Jesus talks about this new humanity —
I have [a]other sheep [beside these] that are not of this fold. I must bring those also, and they will listen to My voice and pay attention to My call, and they will become [b]one flock with one Shepherd. – John 10:16
Jesus is saying that His death is going to bring non-Jews into the flock also. It’s implied in the statements that present Jesus as the Saviour of the whole world. The result of bringing the sheep into the fold is creation of a new humanity “in Christ.”
Paul contrasts the new humanity with the old as well. Those who are in Adam experience the consequence of Adam’s sin, where those who are in Christ experience the result of Jesus’ saving act.
While the death of Christ makes it possible for other sheep to come into Christ’s flock, the way this will happen today is through the Church going out and bringing them in. John 10:16 then is a missionary verse.
This saying of Jesus becomes very personal; for it is a dream which every one of us can help Jesus to realize. Men cannot hear without a preacher; the other sheep cannot be gathered in unless someone goes out to bring them in. Here is set before us the tremendous missionary task of the Church. And we must not think of that only in terms of what we used to call foreign missions. If we know someone here and now who is outside his love, we can find him for Christ. The dream of Christ depends on us; it is we who can help him make the world one flock with him as its shepherd. – William Barclay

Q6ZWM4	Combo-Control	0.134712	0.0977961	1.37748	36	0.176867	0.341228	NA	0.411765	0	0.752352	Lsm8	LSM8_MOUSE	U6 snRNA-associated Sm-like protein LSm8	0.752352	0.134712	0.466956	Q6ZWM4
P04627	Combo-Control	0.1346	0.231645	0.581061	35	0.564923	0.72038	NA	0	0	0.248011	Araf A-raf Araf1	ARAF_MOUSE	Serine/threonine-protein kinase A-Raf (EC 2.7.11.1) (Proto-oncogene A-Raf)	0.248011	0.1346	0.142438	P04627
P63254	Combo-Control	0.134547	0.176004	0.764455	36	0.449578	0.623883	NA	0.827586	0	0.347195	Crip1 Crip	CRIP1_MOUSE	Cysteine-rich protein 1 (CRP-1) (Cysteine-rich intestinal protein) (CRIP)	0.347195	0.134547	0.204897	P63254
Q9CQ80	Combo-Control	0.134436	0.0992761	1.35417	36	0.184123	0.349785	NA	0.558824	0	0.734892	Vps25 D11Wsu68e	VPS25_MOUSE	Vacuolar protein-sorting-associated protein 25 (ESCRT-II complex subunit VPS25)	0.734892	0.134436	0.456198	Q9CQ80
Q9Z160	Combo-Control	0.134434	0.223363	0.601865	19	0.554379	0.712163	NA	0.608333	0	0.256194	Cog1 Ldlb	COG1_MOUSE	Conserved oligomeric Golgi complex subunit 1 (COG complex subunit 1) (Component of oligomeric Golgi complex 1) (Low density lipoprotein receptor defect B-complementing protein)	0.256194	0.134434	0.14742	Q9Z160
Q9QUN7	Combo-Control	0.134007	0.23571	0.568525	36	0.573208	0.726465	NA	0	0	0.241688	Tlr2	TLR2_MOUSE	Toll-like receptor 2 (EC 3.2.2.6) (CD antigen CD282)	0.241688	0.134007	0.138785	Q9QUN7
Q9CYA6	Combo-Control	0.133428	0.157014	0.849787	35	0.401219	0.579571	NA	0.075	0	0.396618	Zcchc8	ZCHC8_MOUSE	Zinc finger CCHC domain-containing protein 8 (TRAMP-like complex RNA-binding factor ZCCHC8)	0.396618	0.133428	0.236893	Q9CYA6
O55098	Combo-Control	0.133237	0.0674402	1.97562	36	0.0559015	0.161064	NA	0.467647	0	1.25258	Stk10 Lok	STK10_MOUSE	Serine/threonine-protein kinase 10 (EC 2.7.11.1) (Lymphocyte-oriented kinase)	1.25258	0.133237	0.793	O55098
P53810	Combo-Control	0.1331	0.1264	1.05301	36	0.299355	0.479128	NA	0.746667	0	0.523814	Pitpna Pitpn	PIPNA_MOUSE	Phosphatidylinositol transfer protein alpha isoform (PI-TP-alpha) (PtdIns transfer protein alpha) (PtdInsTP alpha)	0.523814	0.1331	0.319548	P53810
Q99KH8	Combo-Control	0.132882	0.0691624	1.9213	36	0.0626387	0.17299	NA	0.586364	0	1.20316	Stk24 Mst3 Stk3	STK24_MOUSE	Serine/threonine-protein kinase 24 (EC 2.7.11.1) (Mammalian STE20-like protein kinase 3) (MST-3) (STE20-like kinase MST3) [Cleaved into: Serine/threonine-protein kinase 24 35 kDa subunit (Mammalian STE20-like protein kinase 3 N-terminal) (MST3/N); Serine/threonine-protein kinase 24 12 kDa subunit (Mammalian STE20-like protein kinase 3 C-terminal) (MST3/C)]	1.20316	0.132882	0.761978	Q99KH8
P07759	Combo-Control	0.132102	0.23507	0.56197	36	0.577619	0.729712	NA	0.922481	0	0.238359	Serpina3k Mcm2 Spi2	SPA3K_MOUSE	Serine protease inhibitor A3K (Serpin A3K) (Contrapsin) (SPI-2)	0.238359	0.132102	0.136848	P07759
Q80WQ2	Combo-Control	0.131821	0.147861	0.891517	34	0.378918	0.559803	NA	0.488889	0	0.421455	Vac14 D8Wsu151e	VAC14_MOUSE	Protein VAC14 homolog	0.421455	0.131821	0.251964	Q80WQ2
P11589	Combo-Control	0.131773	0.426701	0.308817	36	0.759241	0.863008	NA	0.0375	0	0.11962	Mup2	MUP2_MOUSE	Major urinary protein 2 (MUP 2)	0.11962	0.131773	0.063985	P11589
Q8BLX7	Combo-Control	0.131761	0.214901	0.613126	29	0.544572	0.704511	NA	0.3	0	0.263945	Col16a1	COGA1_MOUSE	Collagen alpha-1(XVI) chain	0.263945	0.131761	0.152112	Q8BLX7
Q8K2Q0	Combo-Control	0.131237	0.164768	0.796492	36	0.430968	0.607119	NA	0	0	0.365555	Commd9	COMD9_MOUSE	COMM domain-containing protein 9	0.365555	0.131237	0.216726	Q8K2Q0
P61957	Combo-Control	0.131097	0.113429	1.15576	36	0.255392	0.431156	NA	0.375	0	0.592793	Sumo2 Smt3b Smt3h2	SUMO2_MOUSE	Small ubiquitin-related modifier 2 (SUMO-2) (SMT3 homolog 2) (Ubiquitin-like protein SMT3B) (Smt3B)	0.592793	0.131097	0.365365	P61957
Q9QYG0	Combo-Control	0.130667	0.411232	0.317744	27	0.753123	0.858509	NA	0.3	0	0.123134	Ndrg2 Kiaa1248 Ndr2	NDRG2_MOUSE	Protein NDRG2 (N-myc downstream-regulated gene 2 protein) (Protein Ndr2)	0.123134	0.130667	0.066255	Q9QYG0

It is fitting that taking this verse in context which describes the death of Jesus climaxes with the missionary challenge.
The author examines the New Testament strand by strand in a way that will be quite familiar to those who have been brought up on Vincent Taylor. And he begins with the Synoptic Gospels. Our Lord did not identify Himself with men in such a way as to obscure the difference between His life and ours. Denney sets out to emphasize the difference rather than the identity, and for that reason prefers the word ‘ substitute ‘ to ‘ representative ‘. The Passion sayings are examined in turn, and the significance of the Baptism and Temptation of Jesus, implying His double role as both Messiah and Suffering Servant, is fully recognized. The word from heaven at His Baptism was indeed the true index of His life. That is why from the outset Christ sees the two paths that lie before Him and chooses the one ” which He knows will set Him in irreconcilable antagonism to the hopes and expectations of those to whom He is to appeal “. That there was a divine • must • about His· career is increasingly evident as the gospel narratives proceed, and this ‘must’ included death. Messiahship as He unfolded it spelt death. ” This was the first and last thing He taught about it, the first and last thing He wished His disciples to learn.” It is the very soul of His vocation. Our Lord’s thought dwells constantly in that circle of ideas to be found in the Old Testament concept of sacrifice and supremely in Isaiah liii. This culminates in the Last Supper. What Jesus does and says there is “the focus of revelation, in which the Old Testament and the New are one “. The meaning of His death as propitiation is demonstrated there, “for propitiation is merely a mode of mediation, a mode of it, no doubt, which brings home to us acutely what we owe to the Mediator, and makes us feel that, though forgiveness is free to us, it does not cost Him nothing ”. – James Denny
We also have in this verse the first statement about the universal Church. This is a theme the Church has often failed to preach and practice, but it is certainly a unique feature that the gospel can offer to a world torn by communal prejudice and strife.